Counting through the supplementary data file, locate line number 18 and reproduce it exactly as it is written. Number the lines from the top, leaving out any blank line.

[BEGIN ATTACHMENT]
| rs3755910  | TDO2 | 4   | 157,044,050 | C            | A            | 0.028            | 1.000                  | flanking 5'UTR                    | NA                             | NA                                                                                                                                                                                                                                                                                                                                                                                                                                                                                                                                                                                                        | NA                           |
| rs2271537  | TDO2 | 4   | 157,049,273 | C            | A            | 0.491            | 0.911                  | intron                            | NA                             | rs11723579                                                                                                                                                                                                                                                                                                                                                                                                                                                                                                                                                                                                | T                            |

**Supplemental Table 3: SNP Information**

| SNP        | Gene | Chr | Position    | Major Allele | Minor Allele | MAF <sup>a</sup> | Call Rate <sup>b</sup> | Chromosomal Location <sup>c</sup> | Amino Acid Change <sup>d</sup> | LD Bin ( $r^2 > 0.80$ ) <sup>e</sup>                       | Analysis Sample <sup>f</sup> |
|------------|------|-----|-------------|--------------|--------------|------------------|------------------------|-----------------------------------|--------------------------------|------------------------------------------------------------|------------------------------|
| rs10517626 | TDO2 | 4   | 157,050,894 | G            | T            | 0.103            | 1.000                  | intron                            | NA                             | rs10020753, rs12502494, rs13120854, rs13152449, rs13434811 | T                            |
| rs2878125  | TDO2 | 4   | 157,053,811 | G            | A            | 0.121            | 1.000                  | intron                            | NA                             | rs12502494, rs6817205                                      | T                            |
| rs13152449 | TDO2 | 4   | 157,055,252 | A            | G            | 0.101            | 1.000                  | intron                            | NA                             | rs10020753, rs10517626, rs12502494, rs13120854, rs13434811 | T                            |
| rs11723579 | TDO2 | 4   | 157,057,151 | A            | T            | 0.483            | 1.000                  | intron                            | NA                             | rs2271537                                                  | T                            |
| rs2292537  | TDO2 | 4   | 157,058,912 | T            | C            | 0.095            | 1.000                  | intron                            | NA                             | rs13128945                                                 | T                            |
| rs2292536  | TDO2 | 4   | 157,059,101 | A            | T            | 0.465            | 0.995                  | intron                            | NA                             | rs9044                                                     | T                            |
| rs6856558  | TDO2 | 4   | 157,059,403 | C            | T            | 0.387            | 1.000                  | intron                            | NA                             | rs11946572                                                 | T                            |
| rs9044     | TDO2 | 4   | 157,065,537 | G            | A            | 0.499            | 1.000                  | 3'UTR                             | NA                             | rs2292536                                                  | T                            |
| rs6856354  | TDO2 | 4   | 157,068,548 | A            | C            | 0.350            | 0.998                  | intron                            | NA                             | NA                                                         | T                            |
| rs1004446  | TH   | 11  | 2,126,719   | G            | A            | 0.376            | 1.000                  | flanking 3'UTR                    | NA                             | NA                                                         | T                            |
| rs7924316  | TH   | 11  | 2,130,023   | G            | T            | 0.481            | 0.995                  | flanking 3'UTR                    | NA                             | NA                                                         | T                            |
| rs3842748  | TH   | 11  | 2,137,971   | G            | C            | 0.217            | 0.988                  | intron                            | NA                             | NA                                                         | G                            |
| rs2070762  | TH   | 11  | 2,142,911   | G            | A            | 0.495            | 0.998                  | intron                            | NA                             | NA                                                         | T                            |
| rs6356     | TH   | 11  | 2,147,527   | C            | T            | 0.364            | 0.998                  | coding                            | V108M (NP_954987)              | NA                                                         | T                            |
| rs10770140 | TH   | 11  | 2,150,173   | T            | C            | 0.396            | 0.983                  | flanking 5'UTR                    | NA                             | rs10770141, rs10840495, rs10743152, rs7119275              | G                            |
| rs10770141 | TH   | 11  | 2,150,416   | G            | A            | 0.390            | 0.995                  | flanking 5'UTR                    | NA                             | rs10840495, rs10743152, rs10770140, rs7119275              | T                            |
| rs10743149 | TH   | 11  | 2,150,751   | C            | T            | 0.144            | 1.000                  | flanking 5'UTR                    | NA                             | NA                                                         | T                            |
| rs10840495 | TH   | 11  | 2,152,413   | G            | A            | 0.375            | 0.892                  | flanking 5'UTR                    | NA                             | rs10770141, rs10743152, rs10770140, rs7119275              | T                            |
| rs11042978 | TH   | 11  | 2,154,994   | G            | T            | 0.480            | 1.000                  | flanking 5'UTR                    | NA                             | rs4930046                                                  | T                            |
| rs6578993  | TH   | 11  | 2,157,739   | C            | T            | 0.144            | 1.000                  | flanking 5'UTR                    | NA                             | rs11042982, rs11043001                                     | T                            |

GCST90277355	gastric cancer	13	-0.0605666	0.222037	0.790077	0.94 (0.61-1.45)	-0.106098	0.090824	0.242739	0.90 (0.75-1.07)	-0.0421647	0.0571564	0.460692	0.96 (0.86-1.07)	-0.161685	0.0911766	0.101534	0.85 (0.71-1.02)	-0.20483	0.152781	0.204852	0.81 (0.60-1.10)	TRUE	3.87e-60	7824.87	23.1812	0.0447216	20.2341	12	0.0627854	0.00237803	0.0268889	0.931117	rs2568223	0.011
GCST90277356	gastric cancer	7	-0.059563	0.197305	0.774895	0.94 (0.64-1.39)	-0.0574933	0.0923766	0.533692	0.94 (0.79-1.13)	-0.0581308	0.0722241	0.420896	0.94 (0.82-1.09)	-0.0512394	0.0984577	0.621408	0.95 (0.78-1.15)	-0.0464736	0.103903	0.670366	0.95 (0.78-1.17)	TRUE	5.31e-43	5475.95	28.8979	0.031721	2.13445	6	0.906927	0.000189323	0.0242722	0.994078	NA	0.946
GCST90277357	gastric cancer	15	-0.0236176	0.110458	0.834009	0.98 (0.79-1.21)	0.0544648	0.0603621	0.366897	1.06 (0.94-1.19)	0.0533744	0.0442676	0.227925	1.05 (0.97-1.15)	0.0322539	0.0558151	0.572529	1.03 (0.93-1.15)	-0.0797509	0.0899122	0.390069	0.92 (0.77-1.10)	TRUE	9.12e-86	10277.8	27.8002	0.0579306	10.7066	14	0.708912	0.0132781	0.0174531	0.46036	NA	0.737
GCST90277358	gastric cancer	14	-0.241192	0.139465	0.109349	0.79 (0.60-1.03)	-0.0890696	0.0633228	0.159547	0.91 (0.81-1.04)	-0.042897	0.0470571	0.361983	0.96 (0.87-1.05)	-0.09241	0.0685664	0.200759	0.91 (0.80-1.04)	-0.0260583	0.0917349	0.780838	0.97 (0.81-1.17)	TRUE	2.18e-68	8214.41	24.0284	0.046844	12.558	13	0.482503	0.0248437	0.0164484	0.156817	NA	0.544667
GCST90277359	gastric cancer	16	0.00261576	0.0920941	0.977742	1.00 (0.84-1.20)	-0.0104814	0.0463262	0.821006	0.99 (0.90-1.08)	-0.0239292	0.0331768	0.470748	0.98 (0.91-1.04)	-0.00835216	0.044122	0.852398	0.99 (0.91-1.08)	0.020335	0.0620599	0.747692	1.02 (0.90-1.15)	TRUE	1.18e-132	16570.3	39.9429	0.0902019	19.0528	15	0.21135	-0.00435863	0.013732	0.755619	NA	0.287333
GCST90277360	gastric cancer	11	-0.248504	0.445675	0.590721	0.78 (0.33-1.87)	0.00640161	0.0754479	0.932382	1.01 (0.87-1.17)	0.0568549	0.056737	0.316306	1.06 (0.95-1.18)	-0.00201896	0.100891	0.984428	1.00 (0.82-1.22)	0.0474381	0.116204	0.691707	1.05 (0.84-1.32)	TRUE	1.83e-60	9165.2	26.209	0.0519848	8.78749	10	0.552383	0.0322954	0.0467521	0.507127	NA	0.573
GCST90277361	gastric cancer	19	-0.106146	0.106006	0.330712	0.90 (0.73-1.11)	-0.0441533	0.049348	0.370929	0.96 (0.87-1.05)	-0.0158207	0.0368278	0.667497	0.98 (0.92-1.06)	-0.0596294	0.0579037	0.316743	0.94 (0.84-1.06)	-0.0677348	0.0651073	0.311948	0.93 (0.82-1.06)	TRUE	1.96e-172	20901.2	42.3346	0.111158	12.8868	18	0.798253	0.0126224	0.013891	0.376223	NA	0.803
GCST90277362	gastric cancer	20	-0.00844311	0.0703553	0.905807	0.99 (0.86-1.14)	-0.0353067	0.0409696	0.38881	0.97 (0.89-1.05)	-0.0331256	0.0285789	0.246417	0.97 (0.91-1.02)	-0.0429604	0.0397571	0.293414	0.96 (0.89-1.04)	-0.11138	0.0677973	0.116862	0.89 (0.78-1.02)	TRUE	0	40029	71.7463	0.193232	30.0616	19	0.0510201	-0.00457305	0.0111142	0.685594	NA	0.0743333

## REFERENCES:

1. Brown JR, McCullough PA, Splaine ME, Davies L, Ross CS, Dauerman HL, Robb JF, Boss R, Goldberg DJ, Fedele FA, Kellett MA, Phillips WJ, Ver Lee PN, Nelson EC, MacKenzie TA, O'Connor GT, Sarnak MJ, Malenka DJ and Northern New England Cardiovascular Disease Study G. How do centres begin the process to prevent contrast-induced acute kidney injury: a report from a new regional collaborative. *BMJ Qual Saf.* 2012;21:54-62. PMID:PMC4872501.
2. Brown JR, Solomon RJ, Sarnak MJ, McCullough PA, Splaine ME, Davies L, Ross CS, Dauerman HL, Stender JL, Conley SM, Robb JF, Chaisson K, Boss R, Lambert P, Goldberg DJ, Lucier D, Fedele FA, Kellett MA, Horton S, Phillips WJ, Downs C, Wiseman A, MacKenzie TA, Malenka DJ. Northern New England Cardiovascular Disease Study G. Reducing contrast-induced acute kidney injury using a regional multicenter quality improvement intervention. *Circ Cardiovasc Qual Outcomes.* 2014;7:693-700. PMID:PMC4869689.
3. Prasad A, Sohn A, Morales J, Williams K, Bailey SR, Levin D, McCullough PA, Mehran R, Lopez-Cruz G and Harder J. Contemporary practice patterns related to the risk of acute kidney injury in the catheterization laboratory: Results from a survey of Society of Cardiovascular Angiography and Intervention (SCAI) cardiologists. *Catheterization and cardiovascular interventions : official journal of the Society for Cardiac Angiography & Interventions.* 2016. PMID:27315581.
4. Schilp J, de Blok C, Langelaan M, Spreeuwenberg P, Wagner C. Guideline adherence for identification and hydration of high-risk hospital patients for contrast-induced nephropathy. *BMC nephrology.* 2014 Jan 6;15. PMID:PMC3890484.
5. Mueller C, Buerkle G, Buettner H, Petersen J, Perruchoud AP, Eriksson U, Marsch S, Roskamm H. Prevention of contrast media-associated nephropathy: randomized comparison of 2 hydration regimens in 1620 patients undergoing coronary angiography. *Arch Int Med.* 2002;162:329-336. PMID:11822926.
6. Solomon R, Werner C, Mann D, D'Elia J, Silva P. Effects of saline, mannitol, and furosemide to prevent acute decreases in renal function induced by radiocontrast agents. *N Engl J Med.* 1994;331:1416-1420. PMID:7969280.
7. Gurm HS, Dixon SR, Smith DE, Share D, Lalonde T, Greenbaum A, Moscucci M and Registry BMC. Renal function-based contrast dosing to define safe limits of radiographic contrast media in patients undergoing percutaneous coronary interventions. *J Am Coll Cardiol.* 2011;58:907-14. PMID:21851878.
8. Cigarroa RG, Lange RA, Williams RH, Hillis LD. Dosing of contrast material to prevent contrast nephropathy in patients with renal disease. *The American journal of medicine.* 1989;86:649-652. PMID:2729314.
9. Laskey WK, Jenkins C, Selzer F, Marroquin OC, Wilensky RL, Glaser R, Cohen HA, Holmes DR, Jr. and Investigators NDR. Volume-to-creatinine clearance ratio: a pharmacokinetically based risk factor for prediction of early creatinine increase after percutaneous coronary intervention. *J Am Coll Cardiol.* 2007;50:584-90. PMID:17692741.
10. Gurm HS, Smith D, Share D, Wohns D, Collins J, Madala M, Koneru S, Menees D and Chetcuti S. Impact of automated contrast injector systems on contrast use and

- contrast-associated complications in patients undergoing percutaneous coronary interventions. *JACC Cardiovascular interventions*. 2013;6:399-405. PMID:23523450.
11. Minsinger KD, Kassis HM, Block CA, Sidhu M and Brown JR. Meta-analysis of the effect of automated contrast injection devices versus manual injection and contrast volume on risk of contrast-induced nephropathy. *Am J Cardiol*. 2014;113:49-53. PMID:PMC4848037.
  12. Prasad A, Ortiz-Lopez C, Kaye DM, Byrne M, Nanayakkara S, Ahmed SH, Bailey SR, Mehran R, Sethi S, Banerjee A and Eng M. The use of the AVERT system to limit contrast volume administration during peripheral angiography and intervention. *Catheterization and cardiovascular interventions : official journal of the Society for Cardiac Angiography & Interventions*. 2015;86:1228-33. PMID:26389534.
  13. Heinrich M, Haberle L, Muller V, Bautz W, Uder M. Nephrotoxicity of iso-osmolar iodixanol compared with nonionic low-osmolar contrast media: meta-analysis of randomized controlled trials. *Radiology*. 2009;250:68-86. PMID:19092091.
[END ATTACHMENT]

| rs2070762  | TH   | 11  | 2,142,911   | G            | A            | 0.495            | 0.998                  | intron                            | NA                             | NA                                                         | T                            |